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The one performance management mistake most sales managers make

by , 18 May 2016
As a sales manager, it's important for you to effectively manage performance in the workplace, so as to prevent any poor performers from sprouting into existence. And one of the best ways to do this is to set performance standards for all your sales staff.

These performance standards will more than likely be in the form of specific targets, usually quantitative and numerical - which are perfectly suited for sales.

But there's a crack within this tactic, and many employers fall into it.

Keep reading to find out what it is...

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The biggest mistake sales managers make when setting performance standards is…

Measuring performance without context

You see, sales in general are measured on a quantitative basis, and so the targets for staff will usually be numerical.

Here's an example:

Johnny works for a tele-marketing company where he makes calls to sell a hair product. The sales manager has, as part of the performance standards, introduced a specific target of at least ten calls per day. Johnny, over a period of three months, has been performing brilliantly, making an average of twenty-five calls per day.

But the truth is that he's a poor performer. Here's why…

While Johnny's performance is fantastic when measured against the numerical target of ten calls per day, his true performance is questionable. Because in order to make those numbers, one can safely assume he makes very quick calls before moving on to the next person.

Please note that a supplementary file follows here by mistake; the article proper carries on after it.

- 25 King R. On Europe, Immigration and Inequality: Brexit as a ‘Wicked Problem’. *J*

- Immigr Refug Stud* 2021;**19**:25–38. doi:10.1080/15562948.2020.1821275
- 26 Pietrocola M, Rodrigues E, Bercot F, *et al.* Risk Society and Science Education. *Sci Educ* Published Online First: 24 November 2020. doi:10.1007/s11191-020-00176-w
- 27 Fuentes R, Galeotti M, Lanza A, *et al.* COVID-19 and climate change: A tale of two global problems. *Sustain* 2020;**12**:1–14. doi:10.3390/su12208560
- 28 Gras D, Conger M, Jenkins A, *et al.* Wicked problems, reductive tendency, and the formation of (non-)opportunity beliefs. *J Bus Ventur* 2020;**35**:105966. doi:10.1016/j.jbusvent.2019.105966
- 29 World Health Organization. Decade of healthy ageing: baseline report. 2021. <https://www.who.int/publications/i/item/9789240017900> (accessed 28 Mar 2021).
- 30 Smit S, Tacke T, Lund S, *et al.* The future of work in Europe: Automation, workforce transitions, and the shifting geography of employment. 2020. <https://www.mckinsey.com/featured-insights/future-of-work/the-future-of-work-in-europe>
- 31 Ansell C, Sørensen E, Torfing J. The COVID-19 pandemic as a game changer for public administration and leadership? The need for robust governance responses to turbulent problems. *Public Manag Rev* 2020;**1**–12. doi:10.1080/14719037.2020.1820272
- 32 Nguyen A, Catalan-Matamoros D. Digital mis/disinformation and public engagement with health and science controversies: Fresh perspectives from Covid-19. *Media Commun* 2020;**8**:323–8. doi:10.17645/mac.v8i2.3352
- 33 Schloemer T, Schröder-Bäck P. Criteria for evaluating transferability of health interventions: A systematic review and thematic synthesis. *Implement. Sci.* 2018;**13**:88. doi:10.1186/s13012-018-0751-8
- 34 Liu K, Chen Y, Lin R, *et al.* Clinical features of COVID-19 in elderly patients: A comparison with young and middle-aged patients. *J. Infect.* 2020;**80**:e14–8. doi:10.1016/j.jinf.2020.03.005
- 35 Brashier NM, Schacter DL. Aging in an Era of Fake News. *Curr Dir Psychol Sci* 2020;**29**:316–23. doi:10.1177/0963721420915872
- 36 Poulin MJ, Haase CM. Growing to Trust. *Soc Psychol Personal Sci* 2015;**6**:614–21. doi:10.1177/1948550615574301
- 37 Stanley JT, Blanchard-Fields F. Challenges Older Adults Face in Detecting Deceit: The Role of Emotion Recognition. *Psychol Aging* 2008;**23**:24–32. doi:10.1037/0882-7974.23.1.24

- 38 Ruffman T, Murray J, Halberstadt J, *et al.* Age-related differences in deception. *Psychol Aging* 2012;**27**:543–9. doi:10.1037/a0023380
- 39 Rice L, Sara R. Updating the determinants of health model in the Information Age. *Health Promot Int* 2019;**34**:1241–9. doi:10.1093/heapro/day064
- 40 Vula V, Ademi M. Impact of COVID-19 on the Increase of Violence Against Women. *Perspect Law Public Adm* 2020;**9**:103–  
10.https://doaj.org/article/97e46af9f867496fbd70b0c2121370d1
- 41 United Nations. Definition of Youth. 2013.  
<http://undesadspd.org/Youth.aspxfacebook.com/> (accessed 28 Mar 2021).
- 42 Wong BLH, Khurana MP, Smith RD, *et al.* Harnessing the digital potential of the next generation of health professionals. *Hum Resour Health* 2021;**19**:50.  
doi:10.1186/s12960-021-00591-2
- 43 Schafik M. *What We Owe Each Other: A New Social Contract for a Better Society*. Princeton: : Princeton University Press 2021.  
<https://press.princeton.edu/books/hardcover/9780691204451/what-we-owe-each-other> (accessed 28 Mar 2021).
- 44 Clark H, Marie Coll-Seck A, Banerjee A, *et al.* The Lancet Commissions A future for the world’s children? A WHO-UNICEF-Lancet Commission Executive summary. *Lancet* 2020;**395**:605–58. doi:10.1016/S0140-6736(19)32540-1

What this means is that while Johnny enjoys high numbers of calls, he sacrifices quality. In other words, he doesn't spend time building a strong relationship with potential customers, which is arguably more important than mere numbers.

NOTE: But the problem is that it's difficult to measure performance in a qualitative manner, and so many employers continue with hard numbers.

So what can you do then?

The key here is context. You need to find a balance between quality and quantity. What's more is that you should develop the ability to read in between the lines when setting your performance standards, as well as when measuring performance in the workplace. Because by doing this, you'll be able to manage the performance of all your employees, even the unsuspecting ones (such as Johnny in the above-mentioned example).

You could possibly consider drawing a maximum threshold for your targets, as breaking it could also imply poor quality work just as much as not meeting the minimum target.     
 


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